When we started this project we didn’t expect to find out very much that was new about the story Heartbreak Hill. We always imagined our contribution would be the archaeological approach to the site and the use of fieldwork. The history of the site has been looked into quite thoroughly by Malcolm Chase and Mark Whyman who wrote a book about it. They went through the records in the Pennyman family papers and in some papers relating to the other members of the scheme. Consequently, we imagined that pretty much everything that could be got at through historical sources had been…
However, when examining the Swarland records I have come across a letter from James Pennyman to Mr Nott, the secretary of the Fountains Abbey Settler’s Society. The reason that this has not been examined by earlier historians of Heartbreak Hill is that the Fountains Abbey Settler’s Society papers are not yet catalogued (though fortunately work on this is being carried out right now). This means there has never been any reason to suspect that information about Heartbreak Hill was held in them; I certainly wouldn’t have looked there if I hadn’t also been working on Swarland.
The letter was an attempt by Pennyman to find a job for a man called Mr Payne who had been involved in the Heartbreak Hill scheme. Payne was unable to go back to ironstone mining due to an injury. It appears that Pennyman had asked whether he could be given a place at Swarland but for some reason this was impossible. He hoped that Nott may hear of a job that would be suitable for Payne. As background Pennyman tells Nott about Panye’s involvement at Heartbreak Hill:
“Some 4 or 5 years ago I started a Cooperative Land Scheme in the mining villages and this man was made secretary of the Boosbeck branch. I got a brother-in-law to do secretary for the whole affair – 3 branches – and when he fell sick (and also fell very lazy) Payne took on general secretary for the Club, which meant keeping the whole thing together and marketing the stuff to the value of £300 or £400 a year. He showed leadership initiative and trustworthiness. Now all members are back at work bar Payne & a few old men.”
This is interesting for several reasons. Firstly, it is some of the only evidence we have for the extent of the involvement of the unemployed members in running the scheme. This letter gives the impression that they did have a certain amount of control over it. Whether they would have agreed with this characterisation is another matter, but the letter is some evidence for this. Much of the information we have about the scheme is from the writing of Rolf Gardiner who mainly worked with student volunteers on summer work camps at the site, rather than with the unemployed miners themselves, so this is an aspect that we know very little of.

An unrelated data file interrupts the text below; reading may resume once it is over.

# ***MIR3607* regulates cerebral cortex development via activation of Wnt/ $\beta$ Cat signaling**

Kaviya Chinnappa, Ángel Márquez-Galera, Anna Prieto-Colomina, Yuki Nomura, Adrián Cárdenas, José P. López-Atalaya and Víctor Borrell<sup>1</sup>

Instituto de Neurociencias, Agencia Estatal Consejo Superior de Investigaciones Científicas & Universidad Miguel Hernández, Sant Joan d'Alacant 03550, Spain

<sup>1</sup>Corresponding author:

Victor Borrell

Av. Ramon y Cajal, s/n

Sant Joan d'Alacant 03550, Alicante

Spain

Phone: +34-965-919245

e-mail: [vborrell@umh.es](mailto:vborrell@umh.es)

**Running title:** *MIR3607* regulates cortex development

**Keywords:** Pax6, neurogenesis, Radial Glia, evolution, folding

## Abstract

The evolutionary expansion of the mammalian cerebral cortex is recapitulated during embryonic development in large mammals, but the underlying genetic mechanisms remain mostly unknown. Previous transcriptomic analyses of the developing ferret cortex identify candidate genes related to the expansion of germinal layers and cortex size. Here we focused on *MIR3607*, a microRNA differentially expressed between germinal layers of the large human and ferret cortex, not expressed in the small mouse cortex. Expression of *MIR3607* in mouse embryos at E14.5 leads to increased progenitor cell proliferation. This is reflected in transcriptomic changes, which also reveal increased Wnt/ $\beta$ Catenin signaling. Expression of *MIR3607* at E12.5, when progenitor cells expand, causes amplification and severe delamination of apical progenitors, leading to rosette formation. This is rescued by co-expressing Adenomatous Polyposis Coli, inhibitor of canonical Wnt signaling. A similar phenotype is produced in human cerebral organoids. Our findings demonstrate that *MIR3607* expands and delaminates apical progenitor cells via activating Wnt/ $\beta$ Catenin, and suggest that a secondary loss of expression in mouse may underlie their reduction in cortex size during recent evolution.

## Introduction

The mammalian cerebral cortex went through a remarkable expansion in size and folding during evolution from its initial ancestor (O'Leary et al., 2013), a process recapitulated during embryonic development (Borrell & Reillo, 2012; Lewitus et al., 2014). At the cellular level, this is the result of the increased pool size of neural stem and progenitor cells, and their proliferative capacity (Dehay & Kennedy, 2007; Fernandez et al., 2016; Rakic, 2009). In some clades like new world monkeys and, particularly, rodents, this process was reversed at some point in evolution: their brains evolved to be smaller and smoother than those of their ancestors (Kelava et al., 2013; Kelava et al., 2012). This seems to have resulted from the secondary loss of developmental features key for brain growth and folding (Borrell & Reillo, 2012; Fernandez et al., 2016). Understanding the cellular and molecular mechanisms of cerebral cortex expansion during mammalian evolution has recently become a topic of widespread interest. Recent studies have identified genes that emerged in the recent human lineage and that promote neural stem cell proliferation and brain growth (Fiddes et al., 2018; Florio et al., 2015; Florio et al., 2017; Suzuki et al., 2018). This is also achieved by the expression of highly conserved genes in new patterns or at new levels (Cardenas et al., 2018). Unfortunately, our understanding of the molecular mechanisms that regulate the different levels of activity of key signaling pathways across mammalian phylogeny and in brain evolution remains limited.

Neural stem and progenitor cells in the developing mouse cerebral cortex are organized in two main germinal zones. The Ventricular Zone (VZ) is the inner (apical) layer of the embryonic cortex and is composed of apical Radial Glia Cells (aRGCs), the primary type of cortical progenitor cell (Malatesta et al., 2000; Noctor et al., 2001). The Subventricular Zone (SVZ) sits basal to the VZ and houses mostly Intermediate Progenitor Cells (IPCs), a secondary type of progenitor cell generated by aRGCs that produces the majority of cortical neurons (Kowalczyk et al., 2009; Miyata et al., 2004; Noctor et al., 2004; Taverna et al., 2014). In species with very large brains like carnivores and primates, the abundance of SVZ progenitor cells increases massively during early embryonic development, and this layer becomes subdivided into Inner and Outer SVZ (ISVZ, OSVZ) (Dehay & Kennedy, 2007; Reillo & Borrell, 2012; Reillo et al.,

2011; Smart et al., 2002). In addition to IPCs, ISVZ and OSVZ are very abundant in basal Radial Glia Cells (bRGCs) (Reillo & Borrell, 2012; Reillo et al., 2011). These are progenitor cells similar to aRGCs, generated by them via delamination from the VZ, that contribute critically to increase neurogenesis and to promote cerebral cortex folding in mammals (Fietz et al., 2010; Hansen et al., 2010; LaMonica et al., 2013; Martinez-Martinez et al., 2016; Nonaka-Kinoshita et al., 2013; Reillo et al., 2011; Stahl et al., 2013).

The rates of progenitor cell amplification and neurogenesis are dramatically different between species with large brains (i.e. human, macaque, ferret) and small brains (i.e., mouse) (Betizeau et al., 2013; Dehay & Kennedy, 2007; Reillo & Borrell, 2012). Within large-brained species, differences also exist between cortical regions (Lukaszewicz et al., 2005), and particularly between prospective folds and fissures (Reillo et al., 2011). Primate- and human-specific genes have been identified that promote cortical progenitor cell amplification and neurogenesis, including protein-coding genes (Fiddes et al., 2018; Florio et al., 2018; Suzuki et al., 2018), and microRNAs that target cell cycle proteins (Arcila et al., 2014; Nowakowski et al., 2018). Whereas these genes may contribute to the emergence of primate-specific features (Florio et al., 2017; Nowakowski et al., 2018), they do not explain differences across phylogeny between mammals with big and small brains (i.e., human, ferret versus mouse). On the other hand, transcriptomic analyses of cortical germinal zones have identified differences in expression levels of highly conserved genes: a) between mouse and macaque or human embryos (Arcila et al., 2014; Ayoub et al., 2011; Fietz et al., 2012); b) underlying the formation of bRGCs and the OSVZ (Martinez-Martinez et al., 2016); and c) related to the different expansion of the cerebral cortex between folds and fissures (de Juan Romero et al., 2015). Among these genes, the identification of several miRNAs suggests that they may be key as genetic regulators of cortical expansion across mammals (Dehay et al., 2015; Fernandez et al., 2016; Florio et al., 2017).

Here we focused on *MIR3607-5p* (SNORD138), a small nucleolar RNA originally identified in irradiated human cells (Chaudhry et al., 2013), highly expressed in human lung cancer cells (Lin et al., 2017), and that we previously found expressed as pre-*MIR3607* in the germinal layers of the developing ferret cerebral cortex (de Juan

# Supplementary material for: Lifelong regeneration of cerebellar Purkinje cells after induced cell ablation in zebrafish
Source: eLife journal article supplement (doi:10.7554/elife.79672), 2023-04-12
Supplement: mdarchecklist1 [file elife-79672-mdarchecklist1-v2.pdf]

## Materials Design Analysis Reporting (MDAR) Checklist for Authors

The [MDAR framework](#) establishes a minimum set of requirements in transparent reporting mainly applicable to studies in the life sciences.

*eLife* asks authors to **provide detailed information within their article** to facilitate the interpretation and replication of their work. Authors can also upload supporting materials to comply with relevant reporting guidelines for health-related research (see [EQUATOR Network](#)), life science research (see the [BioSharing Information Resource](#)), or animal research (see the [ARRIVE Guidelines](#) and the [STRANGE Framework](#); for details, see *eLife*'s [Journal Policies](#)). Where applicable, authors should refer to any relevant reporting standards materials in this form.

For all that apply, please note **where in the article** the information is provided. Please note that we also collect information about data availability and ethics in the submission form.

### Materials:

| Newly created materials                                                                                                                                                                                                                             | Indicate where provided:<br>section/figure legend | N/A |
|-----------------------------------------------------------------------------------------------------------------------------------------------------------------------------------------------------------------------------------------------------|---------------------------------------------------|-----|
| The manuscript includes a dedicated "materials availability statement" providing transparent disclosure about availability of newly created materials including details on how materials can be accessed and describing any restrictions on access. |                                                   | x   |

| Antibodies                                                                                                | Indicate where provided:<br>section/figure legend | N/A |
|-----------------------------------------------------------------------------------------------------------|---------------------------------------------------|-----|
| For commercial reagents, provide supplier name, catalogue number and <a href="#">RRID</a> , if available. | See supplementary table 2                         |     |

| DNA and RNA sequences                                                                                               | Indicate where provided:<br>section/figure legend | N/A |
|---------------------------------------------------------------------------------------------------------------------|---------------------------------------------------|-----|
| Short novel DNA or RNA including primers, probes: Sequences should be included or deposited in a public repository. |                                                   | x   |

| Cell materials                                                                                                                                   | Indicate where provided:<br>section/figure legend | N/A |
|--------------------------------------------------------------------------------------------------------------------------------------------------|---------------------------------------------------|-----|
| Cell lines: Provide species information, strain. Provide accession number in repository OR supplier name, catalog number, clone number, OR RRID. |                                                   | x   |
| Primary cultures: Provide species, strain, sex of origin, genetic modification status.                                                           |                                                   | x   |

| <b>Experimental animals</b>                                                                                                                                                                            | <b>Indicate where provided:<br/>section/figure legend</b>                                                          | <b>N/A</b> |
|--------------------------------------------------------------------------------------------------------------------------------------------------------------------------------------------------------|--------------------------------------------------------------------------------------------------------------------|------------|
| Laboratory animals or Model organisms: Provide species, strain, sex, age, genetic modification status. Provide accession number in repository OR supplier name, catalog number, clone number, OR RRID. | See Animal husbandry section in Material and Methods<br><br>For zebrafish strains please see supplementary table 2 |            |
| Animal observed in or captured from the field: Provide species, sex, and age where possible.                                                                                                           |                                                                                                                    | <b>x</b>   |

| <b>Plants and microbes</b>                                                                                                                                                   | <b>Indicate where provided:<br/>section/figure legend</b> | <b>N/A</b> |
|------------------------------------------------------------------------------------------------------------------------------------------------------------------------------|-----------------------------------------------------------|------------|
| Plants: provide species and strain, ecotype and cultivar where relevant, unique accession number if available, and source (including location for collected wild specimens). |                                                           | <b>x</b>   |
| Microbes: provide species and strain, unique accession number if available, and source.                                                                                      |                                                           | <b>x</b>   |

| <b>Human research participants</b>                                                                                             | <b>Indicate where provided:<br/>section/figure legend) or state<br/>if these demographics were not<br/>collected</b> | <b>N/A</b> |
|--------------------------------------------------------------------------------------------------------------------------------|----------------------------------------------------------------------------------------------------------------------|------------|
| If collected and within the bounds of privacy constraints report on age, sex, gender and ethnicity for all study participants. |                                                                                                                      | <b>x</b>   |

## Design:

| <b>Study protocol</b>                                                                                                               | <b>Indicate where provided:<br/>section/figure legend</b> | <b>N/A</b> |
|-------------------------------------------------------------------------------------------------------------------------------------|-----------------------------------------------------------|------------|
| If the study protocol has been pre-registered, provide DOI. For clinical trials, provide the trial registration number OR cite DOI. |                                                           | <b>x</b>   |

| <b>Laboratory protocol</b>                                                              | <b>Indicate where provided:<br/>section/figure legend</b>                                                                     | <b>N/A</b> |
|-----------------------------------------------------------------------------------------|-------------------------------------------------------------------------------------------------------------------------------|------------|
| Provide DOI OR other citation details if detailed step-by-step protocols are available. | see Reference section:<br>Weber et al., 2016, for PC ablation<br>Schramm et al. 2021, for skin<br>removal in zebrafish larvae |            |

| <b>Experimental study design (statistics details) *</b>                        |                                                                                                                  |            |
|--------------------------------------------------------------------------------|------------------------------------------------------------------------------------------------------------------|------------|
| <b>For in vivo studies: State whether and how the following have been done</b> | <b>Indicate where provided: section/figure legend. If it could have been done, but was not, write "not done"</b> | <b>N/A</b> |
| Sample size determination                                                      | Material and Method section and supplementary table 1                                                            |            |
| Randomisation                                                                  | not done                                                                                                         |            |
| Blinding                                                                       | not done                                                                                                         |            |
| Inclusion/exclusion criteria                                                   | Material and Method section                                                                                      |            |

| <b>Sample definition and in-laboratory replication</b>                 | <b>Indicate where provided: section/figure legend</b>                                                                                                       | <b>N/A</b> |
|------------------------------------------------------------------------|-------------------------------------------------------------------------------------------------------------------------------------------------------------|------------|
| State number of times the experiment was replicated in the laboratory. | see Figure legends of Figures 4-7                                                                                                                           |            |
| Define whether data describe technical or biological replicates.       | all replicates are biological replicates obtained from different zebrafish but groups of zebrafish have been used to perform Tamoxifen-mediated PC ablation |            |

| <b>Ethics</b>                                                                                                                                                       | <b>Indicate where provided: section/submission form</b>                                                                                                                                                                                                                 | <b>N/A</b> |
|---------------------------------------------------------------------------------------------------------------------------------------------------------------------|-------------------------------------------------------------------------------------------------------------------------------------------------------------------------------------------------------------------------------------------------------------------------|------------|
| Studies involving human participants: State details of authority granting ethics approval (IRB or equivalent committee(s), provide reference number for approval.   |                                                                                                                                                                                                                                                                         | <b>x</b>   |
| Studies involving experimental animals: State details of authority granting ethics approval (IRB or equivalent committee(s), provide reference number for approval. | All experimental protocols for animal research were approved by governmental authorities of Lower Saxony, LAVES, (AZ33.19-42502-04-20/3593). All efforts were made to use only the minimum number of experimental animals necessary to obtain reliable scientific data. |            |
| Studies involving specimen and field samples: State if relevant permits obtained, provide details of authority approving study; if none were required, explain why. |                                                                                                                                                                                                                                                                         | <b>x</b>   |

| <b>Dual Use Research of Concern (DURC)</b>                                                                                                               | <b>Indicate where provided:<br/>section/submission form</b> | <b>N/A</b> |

Secondly, it is interesting to have something which gives a hint, albeit not much of one, about James Pennyman’s own characterisation of the scheme. Rolf Gardiner’s view of the scheme was from a very particular ideological perspective so it is not clear how far his writings can be taken as indicative of the views of the scheme’s other members. In addition to this some oral testimony reveals the views of other people involved, while anonymous publicity materials for the scheme give another characterisation. This is all quite problematic because we can be sure that the scheme was primarily driven by Maj and Mrs Pennyman. So what does the letter tell us about this? The phrase ‘Cooperative Land Scheme’ is quite telling. While allotment gardening is common among unemployment projects of the time cooperative schemes are rare (though not unheard of), that this was the phrase that Pennyman automatically used it may be that this unusual aspect of it was his idea. Similarly, the word Land (as opposed to allotment, market gardening etc.) may be significant. From some other letters and pamphlets in Pennyman’s papers he seems to have been interested in land reclamation, perhaps following a long tradition of landed aristocracy being advocates of agricultural improvement. These are no more than hints at what Pennyman might have seen the scheme as, but they do add to other hints that we get from his personal papers.
It is interesting that Pennyman says nothing of the carpentry or musical aspects. It’s possible that this is because Payne himself was not strongly involved in these, we can never know whether he was or not. However, it is also possible that Pennyman saw these elements as subsidiary to the market gardening. Certainly, of the Pennymans it was Ruth who was involved most clearly with Robin Hood so the music may have been her idea.
Finally, it gives an idea of why the scheme ended in the last line of the quote. The fact that nearly everyone had found work had made the scheme redundant. The scheme was always publicised as alleviating the effects of unemployment not solving unemployment itself, and so with increased employment there would be nothing for it to do. The letter is undated, but is a reply to a letter from Nott written on the 14th October 1937. The timing probably lets us guess at the reason for increased employment in Cleveland. At this time rearmament was in full swing. One result of this was an acute steel shortage, which was causing serious building delays at the Team Valley Trading Estate at about the same time. A sharp rise in the price of steel would probably have reopened the ironstone mines.
We do have to be careful about doing history in the way I have here. I’m trying to squeeze a lot of information out of a very small piece of text. Some of it isn’t much more than guesswork and more information could well show that some of it is wrong. However, the existence of the letter does tip a few possible interpretations of Heartbreak Hill in certain directions, and hopefully gives some new leads to follow.